Kevin – always himself a good communicator – went on with an example:

“I am working right now on a diversity and inclusion (D&I) initiative for Consumer Reports. This initiative has the potential to shift the culture of the organization in such a substantial way that if done well, it can ensure the long-term viability of this publishing and testing powerhouse and position Consumer Reports to really be a player in the publishing and consumer service industries for years to come.

“How do we accomplish that? The first phase of this project is to gather information from the source, from the people who make this great organization what it is. Over the next few weeks, working with external partners at Jennifer Brown Consulting, we are interviewing almost 10% of our staff in individual interviews and focus groups. These interviews will form the basis of a D&I strategy ultimately aimed at supporting the business of the organization. By broadening the makeup of our staff and creating a welcoming culture for all, we ensure that we better represent the needs and interests of ALL consumers, simply because the more we mirror our society, the more we can understand and support them. But it all starts with information sharing and gathering, analyzing and understanding that information, and then using it as the basis for strategy and action.”

Connect that “D&I strategy ultimately aimed at supporting the business of the organization” with what knowledge strategists seek to do with corporate knowledge strategy. Makes sense, doesn’t it?

Next time: More from Kevin about the knowledge strategist, about integrity and leadership and how all this comes together for the successful knowledge strategist.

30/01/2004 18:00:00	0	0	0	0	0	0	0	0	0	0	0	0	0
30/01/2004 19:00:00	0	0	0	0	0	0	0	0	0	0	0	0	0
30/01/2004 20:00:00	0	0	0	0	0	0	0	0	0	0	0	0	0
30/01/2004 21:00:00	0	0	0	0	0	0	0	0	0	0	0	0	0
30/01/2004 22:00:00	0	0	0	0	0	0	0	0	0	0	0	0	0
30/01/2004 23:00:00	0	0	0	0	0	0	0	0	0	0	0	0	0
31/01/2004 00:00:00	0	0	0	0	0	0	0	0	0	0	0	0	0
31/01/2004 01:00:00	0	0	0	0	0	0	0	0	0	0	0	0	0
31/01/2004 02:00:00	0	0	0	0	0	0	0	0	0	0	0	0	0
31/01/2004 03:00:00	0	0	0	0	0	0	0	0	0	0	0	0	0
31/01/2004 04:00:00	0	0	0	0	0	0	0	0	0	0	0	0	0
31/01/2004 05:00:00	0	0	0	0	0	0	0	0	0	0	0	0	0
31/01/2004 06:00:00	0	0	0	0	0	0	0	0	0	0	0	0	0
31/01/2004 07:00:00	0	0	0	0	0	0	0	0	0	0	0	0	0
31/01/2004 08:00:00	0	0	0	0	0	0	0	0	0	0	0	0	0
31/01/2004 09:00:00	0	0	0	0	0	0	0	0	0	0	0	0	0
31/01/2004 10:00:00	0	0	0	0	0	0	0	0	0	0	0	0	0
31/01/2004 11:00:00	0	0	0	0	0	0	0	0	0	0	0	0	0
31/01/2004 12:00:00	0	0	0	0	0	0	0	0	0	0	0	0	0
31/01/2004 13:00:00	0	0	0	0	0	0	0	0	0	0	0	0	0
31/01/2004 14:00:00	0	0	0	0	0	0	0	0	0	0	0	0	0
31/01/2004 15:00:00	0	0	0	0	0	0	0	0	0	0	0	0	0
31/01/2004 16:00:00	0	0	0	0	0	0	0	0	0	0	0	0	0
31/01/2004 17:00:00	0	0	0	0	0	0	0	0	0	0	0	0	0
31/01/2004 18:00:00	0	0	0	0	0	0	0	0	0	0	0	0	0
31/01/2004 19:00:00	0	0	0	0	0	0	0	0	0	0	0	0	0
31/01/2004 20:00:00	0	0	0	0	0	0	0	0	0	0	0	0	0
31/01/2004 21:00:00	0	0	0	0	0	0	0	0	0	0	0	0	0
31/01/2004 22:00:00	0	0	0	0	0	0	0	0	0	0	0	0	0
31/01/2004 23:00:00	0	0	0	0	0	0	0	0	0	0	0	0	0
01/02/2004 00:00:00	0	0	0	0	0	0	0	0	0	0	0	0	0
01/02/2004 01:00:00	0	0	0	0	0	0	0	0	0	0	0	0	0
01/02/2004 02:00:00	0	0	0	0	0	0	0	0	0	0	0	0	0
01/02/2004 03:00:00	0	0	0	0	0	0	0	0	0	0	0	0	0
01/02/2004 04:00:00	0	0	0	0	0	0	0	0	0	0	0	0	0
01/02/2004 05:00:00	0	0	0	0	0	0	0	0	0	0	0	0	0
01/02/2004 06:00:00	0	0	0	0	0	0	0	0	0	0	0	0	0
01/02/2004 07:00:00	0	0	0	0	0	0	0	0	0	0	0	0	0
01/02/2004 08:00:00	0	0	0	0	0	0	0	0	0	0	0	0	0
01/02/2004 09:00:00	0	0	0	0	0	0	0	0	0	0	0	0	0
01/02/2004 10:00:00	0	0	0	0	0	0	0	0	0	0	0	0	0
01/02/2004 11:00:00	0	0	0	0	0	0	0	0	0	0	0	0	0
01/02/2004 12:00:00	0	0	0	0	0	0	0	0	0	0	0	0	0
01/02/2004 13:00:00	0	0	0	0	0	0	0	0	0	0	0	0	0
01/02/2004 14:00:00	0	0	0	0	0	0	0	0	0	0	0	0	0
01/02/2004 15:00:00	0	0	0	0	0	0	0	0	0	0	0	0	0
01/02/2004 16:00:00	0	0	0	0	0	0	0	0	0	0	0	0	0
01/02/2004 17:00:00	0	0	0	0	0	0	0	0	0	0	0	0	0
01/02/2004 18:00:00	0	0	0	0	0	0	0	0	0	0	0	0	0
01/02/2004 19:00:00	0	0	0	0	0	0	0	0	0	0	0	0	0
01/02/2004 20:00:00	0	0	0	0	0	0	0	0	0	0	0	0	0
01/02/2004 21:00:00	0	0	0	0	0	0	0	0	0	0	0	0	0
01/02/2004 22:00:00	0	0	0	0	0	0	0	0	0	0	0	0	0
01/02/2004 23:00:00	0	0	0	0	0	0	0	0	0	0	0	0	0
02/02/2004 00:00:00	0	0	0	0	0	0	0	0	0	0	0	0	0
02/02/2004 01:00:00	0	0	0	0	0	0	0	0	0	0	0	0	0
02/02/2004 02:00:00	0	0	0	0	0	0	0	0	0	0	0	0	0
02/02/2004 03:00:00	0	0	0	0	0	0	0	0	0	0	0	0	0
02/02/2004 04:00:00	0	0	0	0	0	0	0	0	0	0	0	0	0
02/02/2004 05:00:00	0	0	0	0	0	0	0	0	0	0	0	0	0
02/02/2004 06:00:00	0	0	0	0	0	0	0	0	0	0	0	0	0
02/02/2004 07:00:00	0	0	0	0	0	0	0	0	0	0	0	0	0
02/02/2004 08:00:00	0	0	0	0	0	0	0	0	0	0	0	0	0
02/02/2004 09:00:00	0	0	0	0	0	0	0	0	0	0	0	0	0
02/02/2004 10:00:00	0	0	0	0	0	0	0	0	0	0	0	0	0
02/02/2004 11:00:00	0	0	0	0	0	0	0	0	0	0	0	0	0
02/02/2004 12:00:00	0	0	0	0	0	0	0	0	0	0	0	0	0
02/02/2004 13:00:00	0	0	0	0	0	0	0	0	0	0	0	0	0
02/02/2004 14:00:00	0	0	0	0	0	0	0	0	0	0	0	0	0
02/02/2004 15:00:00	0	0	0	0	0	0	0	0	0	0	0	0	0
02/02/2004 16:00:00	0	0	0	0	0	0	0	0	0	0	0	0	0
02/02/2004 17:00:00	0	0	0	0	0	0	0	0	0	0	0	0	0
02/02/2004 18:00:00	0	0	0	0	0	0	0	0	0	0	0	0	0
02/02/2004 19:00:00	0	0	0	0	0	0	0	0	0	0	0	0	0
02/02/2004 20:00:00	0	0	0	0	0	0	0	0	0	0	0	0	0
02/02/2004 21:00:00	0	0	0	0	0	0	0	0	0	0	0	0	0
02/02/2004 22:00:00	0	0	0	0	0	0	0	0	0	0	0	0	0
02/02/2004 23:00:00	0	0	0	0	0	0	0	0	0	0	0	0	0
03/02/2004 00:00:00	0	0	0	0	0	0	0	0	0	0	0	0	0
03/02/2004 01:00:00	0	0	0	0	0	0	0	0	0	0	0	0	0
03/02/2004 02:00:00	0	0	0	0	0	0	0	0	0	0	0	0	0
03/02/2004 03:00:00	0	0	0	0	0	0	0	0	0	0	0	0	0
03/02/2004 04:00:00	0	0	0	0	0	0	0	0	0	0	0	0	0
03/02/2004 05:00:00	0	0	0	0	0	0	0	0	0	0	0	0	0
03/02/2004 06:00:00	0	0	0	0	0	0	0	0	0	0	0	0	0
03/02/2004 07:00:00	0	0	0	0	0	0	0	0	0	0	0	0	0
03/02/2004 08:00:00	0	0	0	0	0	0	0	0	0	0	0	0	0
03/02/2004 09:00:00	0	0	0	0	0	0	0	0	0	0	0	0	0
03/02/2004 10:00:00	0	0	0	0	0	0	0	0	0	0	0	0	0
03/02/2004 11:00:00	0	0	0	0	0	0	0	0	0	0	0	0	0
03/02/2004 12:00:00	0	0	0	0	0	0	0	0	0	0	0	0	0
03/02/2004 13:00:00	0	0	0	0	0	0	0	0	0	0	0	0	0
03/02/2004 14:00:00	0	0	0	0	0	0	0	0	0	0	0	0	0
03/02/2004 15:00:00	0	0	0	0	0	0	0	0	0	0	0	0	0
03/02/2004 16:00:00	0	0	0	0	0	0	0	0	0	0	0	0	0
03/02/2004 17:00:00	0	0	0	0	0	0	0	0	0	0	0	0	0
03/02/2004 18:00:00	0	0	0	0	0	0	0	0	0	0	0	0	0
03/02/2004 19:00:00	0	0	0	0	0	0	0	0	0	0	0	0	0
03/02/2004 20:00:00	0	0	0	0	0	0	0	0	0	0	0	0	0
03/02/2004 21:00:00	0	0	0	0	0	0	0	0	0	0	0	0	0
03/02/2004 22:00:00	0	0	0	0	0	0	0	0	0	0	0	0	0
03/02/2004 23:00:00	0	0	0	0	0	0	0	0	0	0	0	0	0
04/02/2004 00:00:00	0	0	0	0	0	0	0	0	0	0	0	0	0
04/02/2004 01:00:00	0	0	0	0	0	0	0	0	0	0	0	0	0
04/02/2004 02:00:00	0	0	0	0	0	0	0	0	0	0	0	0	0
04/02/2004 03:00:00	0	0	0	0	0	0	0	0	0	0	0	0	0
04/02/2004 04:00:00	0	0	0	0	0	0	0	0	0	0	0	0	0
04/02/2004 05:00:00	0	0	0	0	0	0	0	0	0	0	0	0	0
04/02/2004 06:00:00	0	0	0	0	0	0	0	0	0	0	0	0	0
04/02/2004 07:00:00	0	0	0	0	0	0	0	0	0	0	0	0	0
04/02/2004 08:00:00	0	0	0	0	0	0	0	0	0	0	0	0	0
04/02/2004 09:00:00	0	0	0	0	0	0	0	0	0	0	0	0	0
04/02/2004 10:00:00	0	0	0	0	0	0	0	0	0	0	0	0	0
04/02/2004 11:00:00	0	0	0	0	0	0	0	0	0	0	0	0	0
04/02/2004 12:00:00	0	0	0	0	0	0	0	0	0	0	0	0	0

— October 11, 2011




  1. Ken Huie says:

    Great blog! Thanks for sharing this candid-learning moment with us.

  2. At LinkedIn’s Knowledge Management Education Group Denise Bedford wrote:

    What a great story! I just shared this post with one of our Communication Studies professors. We are partnering with that School to ensure that our students have a good grounding in organizational communications as part of their KM studies. I think the other aspect of this post that I like is the close alignment of knowledge strategy and talent management. We just had a SIGKM workshop at ASIST where we talked about personal knowledge management – and how significant is the shift in focus from packaged information to an individual’s intellectual capital/PKM. Looking forward to Part 2 of the story!

    GStC responds to Denise: Thanks for that thoughtful response, Denise. And commend you and colleagues at ASIST for looking at PKM. It’s amazing how important this new “slant” about our intellectual workspace has become. Thanks for reminding us about that. And for the good work that’s going on in this area.

  3. On Facebook, Joanne Kane wrote

    Awesome! When’s the viewing party for the film version?